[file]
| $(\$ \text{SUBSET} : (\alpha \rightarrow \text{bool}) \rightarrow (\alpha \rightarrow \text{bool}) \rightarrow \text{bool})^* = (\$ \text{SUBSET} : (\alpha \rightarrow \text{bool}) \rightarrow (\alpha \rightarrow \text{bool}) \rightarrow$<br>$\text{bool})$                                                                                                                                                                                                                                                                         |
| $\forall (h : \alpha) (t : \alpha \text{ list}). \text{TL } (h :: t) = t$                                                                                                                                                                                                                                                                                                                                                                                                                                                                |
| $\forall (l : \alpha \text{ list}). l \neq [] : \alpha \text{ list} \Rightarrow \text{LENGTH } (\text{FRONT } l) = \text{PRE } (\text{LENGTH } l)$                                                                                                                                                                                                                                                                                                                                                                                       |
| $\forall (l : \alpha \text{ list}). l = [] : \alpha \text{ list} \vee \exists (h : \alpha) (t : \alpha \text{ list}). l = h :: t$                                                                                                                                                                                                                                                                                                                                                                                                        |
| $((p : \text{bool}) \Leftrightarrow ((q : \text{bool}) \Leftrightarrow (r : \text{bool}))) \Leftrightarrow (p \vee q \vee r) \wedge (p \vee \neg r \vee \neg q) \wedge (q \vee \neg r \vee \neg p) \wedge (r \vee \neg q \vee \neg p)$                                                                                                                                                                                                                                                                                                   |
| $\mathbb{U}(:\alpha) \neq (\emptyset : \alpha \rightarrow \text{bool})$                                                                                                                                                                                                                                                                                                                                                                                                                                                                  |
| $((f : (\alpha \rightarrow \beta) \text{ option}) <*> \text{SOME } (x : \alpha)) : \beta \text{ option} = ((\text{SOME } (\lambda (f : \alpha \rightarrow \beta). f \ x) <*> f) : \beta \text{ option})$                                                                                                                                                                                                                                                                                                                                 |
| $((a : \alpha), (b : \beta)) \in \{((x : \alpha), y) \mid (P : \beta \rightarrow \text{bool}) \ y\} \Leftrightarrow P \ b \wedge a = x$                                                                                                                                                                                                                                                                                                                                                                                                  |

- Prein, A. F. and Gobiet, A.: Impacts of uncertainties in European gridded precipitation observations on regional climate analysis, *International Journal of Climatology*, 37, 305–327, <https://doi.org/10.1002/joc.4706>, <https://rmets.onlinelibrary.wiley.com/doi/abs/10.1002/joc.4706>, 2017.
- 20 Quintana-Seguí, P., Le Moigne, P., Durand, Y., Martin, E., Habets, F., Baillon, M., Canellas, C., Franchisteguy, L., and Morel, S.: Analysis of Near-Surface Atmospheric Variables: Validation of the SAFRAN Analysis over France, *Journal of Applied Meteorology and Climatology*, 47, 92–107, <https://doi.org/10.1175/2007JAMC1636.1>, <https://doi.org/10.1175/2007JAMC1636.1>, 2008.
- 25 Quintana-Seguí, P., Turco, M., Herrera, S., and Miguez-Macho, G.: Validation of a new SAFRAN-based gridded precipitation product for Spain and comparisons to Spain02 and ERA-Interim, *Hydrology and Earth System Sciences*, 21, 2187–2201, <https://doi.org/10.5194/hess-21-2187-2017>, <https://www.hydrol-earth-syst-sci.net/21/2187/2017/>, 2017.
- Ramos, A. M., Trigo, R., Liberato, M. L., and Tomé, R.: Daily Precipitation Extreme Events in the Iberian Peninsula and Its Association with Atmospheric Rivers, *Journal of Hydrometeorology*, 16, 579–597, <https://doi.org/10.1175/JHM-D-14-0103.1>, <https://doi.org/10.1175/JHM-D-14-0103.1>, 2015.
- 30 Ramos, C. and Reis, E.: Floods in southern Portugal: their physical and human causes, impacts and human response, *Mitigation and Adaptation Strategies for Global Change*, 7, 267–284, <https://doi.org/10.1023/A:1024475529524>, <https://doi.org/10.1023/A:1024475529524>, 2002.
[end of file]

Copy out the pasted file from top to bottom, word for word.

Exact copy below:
| $(\$ \text{SUBSET} : (\alpha \rightarrow \text{bool}) \rightarrow (\alpha \rightarrow \text{bool}) \rightarrow \text{bool})^* = (\$ \text{SUBSET} : (\alpha \rightarrow \text{bool}) \rightarrow (\alpha \rightarrow \text{bool}) \rightarrow$<br>$\text{bool})$                                                                                                                                                                                                                                                                         |
| $\forall (h : \alpha) (t : \alpha \text{ list}). \text{TL } (h :: t) = t$                                                                                                                                                                                                                                                                                                                                                                                                                                                                |
| $\forall (l : \alpha \text{ list}). l \neq [] : \alpha \text{ list} \Rightarrow \text{LENGTH } (\text{FRONT } l) = \text{PRE } (\text{LENGTH } l)$                                                                                                                                                                                                                                                                                                                                                                                       |
| $\forall (l : \alpha \text{ list}). l = [] : \alpha \text{ list} \vee \exists (h : \alpha) (t : \alpha \text{ list}). l = h :: t$                                                                                                                                                                                                                                                                                                                                                                                                        |
| $((p : \text{bool}) \Leftrightarrow ((q : \text{bool}) \Leftrightarrow (r : \text{bool}))) \Leftrightarrow (p \vee q \vee r) \wedge (p \vee \neg r \vee \neg q) \wedge (q \vee \neg r \vee \neg p) \wedge (r \vee \neg q \vee \neg p)$                                                                                                                                                                                                                                                                                                   |
| $\mathbb{U}(:\alpha) \neq (\emptyset : \alpha \rightarrow \text{bool})$                                                                                                                                                                                                                                                                                                                                                                                                                                                                  |
| $((f : (\alpha \rightarrow \beta) \text{ option}) <*> \text{SOME } (x : \alpha)) : \beta \text{ option} = ((\text{SOME } (\lambda (f : \alpha \rightarrow \beta). f \ x) <*> f) : \beta \text{ option})$                                                                                                                                                                                                                                                                                                                                 |
| $((a : \alpha), (b : \beta)) \in \{((x : \alpha), y) \mid (P : \beta \rightarrow \text{bool}) \ y\} \Leftrightarrow P \ b \wedge a = x$                                                                                                                                                                                                                                                                                                                                                                                                  |

- Prein, A. F. and Gobiet, A.: Impacts of uncertainties in European gridded precipitation observations on regional climate analysis, *International Journal of Climatology*, 37, 305–327, <https://doi.org/10.1002/joc.4706>, <https://rmets.onlinelibrary.wiley.com/doi/abs/10.1002/joc.4706>, 2017.
- 20 Quintana-Seguí, P., Le Moigne, P., Durand, Y., Martin, E., Habets, F., Baillon, M., Canellas, C., Franchisteguy, L., and Morel, S.: Analysis of Near-Surface Atmospheric Variables: Validation of the SAFRAN Analysis over France, *Journal of Applied Meteorology and Climatology*, 47, 92–107, <https://doi.org/10.1175/2007JAMC1636.1>, <https://doi.org/10.1175/2007JAMC1636.1>, 2008.
- 25 Quintana-Seguí, P., Turco, M., Herrera, S., and Miguez-Macho, G.: Validation of a new SAFRAN-based gridded precipitation product for Spain and comparisons to Spain02 and ERA-Interim, *Hydrology and Earth System Sciences*, 21, 2187–2201, <https://doi.org/10.5194/hess-21-2187-2017>, <https://www.hydrol-earth-syst-sci.net/21/2187/2017/>, 2017.
- Ramos, A. M., Trigo, R., Liberato, M. L., and Tomé, R.: Daily Precipitation Extreme Events in the Iberian Peninsula and Its Association with Atmospheric Rivers, *Journal of Hydrometeorology*, 16, 579–597, <https://doi.org/10.1175/JHM-D-14-0103.1>, <https://doi.org/10.1175/JHM-D-14-0103.1>, 2015.
- 30 Ramos, C. and Reis, E.: Floods in southern Portugal: their physical and human causes, impacts and human response, *Mitigation and Adaptation Strategies for Global Change*, 7, 267–284, <https://doi.org/10.1023/A:1024475529524>, <https://doi.org/10.1023/A:1024475529524>, 2002.